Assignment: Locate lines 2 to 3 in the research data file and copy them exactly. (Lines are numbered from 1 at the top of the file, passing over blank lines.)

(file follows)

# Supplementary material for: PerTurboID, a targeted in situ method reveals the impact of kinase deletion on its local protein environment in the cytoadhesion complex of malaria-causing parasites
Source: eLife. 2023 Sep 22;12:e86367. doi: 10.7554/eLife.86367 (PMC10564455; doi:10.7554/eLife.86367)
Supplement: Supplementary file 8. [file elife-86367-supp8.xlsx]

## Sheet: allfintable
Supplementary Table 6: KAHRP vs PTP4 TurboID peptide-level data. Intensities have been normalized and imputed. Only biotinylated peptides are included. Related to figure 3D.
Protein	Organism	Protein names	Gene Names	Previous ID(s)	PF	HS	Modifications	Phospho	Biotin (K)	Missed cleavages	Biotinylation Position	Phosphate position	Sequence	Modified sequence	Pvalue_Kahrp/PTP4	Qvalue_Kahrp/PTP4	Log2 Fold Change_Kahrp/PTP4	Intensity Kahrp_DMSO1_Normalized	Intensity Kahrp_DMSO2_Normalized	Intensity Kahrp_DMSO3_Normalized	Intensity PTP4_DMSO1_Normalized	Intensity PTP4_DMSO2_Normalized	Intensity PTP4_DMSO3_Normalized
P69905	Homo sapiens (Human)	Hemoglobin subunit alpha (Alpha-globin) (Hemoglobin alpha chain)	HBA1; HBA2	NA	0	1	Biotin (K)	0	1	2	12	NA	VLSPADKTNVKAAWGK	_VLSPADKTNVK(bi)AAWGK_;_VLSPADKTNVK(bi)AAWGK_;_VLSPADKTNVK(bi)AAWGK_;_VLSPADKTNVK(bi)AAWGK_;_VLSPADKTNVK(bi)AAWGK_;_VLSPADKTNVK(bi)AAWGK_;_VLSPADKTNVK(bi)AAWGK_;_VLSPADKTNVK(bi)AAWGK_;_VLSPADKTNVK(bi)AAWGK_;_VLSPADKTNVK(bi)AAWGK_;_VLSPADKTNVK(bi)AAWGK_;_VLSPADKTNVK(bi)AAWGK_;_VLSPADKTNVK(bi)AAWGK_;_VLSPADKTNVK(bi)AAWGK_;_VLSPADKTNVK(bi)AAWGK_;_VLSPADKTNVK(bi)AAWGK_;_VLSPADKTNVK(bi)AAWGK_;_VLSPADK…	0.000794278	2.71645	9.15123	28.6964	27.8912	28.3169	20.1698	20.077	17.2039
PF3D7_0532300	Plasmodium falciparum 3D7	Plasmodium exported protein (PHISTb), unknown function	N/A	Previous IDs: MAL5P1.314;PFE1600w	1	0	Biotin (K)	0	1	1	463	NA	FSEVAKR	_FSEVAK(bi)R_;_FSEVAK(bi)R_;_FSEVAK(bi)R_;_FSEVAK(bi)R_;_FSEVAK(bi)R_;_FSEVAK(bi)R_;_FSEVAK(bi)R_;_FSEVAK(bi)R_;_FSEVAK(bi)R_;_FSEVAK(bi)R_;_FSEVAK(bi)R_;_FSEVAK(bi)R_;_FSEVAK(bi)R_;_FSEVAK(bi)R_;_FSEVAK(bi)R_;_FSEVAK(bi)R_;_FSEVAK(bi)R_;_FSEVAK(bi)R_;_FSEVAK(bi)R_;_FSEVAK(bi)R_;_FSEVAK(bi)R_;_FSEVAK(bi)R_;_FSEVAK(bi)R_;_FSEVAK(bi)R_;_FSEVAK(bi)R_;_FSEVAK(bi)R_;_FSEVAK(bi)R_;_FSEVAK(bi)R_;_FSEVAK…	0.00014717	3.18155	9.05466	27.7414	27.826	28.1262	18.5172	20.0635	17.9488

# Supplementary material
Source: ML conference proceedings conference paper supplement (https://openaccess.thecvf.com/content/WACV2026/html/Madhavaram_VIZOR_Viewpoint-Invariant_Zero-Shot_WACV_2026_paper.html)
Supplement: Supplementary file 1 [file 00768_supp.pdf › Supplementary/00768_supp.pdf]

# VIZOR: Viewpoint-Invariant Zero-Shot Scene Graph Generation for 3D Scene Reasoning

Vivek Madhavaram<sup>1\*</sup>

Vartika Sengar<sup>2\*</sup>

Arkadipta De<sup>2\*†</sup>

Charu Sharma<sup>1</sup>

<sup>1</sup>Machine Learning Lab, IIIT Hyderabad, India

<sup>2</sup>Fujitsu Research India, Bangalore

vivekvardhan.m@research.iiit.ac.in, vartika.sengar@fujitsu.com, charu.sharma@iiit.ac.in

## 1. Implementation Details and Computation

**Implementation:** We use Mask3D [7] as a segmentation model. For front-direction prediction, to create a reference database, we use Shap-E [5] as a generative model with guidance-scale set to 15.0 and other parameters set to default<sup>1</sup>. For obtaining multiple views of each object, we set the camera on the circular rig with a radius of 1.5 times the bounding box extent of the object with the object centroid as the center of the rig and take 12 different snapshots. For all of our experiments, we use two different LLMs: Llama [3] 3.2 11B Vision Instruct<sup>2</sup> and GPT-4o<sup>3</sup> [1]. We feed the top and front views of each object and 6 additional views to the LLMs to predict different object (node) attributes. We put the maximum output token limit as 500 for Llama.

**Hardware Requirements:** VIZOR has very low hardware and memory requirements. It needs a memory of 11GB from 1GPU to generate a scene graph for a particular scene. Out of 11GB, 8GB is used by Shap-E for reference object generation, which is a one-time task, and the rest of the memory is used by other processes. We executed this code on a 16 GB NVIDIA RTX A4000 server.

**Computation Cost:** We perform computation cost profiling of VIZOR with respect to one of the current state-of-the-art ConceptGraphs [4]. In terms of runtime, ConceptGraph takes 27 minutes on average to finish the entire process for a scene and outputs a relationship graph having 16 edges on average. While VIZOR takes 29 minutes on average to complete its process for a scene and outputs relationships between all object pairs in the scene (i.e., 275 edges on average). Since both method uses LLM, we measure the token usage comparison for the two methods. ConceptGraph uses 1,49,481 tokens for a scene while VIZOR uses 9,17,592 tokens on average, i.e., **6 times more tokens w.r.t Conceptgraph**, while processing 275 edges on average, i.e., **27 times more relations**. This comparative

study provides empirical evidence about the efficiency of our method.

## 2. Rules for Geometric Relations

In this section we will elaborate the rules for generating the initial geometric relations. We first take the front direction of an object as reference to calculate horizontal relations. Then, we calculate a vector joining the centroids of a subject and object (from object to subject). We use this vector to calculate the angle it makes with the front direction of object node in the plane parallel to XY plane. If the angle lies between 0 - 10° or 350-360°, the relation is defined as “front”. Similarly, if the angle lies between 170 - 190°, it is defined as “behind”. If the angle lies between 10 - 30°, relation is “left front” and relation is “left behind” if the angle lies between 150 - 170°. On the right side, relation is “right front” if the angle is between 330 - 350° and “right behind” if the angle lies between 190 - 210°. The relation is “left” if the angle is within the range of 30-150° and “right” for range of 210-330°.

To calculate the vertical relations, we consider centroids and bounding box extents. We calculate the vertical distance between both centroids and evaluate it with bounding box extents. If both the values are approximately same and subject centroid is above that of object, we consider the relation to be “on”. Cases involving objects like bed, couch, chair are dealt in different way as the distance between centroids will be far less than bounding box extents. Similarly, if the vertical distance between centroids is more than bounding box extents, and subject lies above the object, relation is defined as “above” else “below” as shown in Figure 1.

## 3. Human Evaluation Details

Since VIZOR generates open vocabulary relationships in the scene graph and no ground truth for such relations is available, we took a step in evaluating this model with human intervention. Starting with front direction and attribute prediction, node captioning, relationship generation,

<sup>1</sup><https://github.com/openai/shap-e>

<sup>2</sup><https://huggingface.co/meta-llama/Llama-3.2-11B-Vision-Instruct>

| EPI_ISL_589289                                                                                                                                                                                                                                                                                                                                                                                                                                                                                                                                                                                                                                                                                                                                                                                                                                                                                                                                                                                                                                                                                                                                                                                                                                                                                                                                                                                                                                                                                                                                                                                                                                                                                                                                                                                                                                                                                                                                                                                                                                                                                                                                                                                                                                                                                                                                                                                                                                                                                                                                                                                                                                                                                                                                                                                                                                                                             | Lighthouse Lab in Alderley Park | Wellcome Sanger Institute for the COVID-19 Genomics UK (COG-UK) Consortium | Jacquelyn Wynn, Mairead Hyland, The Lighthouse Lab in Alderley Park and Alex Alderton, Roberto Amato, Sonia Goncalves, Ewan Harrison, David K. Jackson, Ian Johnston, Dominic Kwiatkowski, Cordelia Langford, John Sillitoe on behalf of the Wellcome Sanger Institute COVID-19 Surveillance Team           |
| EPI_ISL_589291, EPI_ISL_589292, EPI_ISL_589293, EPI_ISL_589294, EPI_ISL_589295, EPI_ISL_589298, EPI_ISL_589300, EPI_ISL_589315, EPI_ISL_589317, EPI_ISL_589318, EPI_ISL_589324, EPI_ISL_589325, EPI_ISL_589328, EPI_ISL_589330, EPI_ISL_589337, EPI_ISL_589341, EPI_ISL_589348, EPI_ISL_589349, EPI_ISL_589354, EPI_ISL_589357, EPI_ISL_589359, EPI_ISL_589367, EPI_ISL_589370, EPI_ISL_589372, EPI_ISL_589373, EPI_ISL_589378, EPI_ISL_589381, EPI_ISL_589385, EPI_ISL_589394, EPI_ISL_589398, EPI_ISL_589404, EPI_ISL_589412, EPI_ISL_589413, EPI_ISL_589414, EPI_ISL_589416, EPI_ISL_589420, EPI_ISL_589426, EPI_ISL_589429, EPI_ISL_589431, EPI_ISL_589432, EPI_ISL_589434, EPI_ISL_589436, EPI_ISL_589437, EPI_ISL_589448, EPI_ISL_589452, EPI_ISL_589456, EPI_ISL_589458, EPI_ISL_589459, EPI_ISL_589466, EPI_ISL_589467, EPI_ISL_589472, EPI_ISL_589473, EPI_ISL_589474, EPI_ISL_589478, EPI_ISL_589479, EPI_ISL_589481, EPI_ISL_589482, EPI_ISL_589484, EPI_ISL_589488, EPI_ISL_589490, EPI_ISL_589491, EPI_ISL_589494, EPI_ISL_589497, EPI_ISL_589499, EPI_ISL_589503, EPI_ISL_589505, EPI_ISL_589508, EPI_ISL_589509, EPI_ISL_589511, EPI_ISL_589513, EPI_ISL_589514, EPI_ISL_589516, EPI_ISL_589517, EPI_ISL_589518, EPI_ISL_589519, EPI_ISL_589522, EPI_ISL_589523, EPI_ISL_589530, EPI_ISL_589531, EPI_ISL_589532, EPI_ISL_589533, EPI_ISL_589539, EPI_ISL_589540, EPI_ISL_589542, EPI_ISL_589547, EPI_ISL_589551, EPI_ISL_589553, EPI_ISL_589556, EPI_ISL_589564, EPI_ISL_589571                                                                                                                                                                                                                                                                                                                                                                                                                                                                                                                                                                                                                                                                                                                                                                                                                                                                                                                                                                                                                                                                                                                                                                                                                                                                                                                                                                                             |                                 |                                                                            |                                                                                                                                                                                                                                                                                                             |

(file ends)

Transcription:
Source: eLife. 2023 Sep 22;12:e86367. doi: 10.7554/eLife.86367 (PMC10564455; doi:10.7554/eLife.86367)
Supplement: Supplementary file 8. [file elife-86367-supp8.xlsx]